I have a fascinated/disgusted relationship with targeted advertisements. On one hand, I’ve seen enough Playtex commercials in my lifetime that I could probably draw you their logo from memory, and I’ve never been in the position to decide, “should I buy the Playtex version, or a different brand?” All those ads in my face have been a complete waste of my time, and the advertiser’s dollars. So, I think it would be really neat if I only saw advertisements that would interest me.
On the other hand, even though I’m blessed with A.D.D. and therefore daydream my way through most ads, I’ve read enough studies about how ads work, and I know that in some cases I’m more likely to buy a brand I’ve heard of. In other cases, a simple Google search will suffice, and the recommendation from people I trust is worth more than a hundred well-produced ads.
Since the seminal work on the subject—Minority Report—came out in theaters, I’ve been waiting to see just how close we’ll get to individually-targeted ads. And this morning I see that Germany is beginning to place video cameras inside of street-level billboards, designed to recognize people’s emotional reaction to specific ads. If the advertisers sees that more people are smiling, or at least interested, than sneering, they’ll feel encouraged to keep the ad going.
Granted, this is quite far from a commercial that speaks to you or knows your habits, as in “Hey, Bill Braskey, it’s been 8 days since your last vanilla latté. Don’t you think you deserve one?” And I’m thankful for that. At present, I don’t feel like an advertisement that judges my emotional state is an invasion of privacy, but if they start to recognize my identity, I certainly will.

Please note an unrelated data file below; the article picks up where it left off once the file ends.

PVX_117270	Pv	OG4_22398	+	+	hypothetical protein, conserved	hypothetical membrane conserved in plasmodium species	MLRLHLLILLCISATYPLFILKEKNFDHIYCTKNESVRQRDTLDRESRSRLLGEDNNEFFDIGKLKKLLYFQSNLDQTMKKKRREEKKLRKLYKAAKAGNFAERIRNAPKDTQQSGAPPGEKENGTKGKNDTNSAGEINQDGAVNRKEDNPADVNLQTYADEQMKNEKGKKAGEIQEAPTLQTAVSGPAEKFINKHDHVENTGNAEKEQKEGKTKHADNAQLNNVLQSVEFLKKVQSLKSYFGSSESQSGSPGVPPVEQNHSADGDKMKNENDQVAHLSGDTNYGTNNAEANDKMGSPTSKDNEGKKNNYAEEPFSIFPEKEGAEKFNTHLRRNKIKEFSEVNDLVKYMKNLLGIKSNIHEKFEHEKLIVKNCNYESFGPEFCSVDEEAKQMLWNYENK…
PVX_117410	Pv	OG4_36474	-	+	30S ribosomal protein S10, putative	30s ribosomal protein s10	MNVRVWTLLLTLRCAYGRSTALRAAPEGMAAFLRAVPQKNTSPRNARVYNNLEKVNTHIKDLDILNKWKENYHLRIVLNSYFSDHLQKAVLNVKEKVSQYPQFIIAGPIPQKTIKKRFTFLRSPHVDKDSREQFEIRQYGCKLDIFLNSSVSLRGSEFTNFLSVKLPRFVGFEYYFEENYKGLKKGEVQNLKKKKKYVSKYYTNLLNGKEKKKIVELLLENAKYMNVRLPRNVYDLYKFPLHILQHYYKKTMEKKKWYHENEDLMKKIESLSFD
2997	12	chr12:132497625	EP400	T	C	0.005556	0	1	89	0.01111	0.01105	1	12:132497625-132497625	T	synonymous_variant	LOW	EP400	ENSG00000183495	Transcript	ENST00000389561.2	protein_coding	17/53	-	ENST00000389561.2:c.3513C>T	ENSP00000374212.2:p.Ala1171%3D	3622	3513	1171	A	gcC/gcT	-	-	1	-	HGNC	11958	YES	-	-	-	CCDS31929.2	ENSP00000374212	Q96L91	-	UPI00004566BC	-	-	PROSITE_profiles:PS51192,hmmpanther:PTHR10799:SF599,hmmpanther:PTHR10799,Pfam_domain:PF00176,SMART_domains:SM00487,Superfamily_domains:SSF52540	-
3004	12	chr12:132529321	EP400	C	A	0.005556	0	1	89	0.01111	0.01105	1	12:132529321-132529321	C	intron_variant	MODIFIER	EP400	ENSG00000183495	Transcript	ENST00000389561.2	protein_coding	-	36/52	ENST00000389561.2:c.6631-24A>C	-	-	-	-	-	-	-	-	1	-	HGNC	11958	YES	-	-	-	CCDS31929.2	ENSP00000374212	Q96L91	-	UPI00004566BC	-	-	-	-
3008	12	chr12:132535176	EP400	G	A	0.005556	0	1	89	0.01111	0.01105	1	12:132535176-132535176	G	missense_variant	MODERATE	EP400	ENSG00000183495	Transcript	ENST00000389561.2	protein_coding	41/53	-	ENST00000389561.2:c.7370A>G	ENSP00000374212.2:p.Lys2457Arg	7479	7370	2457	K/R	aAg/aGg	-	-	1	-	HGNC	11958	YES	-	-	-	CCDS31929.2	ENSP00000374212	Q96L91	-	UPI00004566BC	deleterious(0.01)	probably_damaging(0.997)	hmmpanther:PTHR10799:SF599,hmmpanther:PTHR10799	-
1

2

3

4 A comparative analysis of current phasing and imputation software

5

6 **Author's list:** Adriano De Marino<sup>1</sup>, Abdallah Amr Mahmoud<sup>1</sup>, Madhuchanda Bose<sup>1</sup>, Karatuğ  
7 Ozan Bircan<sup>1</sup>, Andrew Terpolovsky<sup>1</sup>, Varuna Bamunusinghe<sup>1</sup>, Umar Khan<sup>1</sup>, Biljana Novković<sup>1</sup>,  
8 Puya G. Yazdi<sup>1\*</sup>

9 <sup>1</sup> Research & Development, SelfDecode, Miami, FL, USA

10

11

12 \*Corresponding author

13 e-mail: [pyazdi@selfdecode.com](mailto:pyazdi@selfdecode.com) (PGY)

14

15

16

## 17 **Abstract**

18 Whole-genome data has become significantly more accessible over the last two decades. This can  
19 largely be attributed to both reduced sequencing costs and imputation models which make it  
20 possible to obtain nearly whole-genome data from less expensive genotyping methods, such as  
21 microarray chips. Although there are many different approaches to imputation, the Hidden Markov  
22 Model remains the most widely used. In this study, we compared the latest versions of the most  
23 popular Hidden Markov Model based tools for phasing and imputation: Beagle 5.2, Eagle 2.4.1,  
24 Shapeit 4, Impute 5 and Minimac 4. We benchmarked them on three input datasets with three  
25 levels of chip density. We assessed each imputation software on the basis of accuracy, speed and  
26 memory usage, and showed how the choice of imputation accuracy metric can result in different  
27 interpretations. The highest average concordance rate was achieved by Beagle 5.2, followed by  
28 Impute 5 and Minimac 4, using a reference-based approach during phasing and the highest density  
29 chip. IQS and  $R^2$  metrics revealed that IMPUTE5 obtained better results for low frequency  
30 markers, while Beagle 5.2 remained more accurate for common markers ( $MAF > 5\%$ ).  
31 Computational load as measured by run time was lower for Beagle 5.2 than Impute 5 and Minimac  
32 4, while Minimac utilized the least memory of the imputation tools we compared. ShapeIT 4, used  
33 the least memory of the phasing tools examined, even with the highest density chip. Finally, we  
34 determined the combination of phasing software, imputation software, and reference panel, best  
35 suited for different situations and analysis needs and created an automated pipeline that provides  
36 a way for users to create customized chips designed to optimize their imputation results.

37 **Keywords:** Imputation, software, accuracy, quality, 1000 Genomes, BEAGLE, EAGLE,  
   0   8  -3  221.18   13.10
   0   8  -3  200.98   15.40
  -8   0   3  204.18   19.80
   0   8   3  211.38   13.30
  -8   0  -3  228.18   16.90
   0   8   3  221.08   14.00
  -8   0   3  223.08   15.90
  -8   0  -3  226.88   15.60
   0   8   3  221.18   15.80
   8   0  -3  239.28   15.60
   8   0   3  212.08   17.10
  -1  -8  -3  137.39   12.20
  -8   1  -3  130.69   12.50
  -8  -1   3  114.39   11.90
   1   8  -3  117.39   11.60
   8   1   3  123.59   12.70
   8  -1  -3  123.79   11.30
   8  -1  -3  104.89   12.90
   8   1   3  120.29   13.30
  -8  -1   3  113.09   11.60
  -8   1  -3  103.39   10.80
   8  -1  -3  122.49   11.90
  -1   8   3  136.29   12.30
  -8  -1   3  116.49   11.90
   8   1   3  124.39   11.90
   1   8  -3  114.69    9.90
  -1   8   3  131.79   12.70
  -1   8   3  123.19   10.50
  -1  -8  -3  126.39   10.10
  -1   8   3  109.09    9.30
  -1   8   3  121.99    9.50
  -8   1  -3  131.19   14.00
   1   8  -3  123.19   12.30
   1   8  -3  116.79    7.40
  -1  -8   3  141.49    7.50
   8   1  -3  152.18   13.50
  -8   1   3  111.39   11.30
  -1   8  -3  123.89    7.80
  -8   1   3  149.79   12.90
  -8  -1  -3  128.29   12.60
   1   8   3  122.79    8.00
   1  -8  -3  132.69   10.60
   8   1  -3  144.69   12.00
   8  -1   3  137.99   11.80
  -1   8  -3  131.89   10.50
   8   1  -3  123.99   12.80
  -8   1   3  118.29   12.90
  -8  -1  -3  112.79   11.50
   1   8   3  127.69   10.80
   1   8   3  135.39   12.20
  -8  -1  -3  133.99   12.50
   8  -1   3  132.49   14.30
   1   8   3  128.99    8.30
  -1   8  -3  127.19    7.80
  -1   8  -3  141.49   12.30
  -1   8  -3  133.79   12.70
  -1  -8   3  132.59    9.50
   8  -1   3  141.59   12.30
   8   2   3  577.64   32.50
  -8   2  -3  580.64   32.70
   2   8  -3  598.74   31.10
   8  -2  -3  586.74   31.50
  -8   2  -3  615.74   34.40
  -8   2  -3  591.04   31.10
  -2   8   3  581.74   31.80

We do, however, already see ads based on our habits. Google and its advertising partners have the ability to show you ads that other visitors won’t see, because your Internet browsing habits are not exactly private. They call it “interest-based advertising”, and because Google is Google, they were very open and up-front about it, and have provided permanent methods for anybody to opt-out of the program.
Billboards shouting out your name aren’t a reality yet for a couple important reasons: 1) recognizing an individual face isn’t foolproof yet, and 2) advertisers don’t have access to a database of, say, driver’s license photos. Although, there may be a way around that last requirement, if Facebook starts selling access to names tagged in photos. In any event, you can rest assured that we’ll keep on top of this for you and help you protect your brain.
Big Brother is watching you shop, Michael Fitzpatrick, BBC News, Oct. 2, 2009
Photo credit: rpongsaj
Updated June 24, 2016 and originally published October 2, 2009. If you enjoyed this article, subscribe to the RSS feed or receive daily emails. Follow @ConsumerismComm on Twitter and visit our Facebook page for more updates.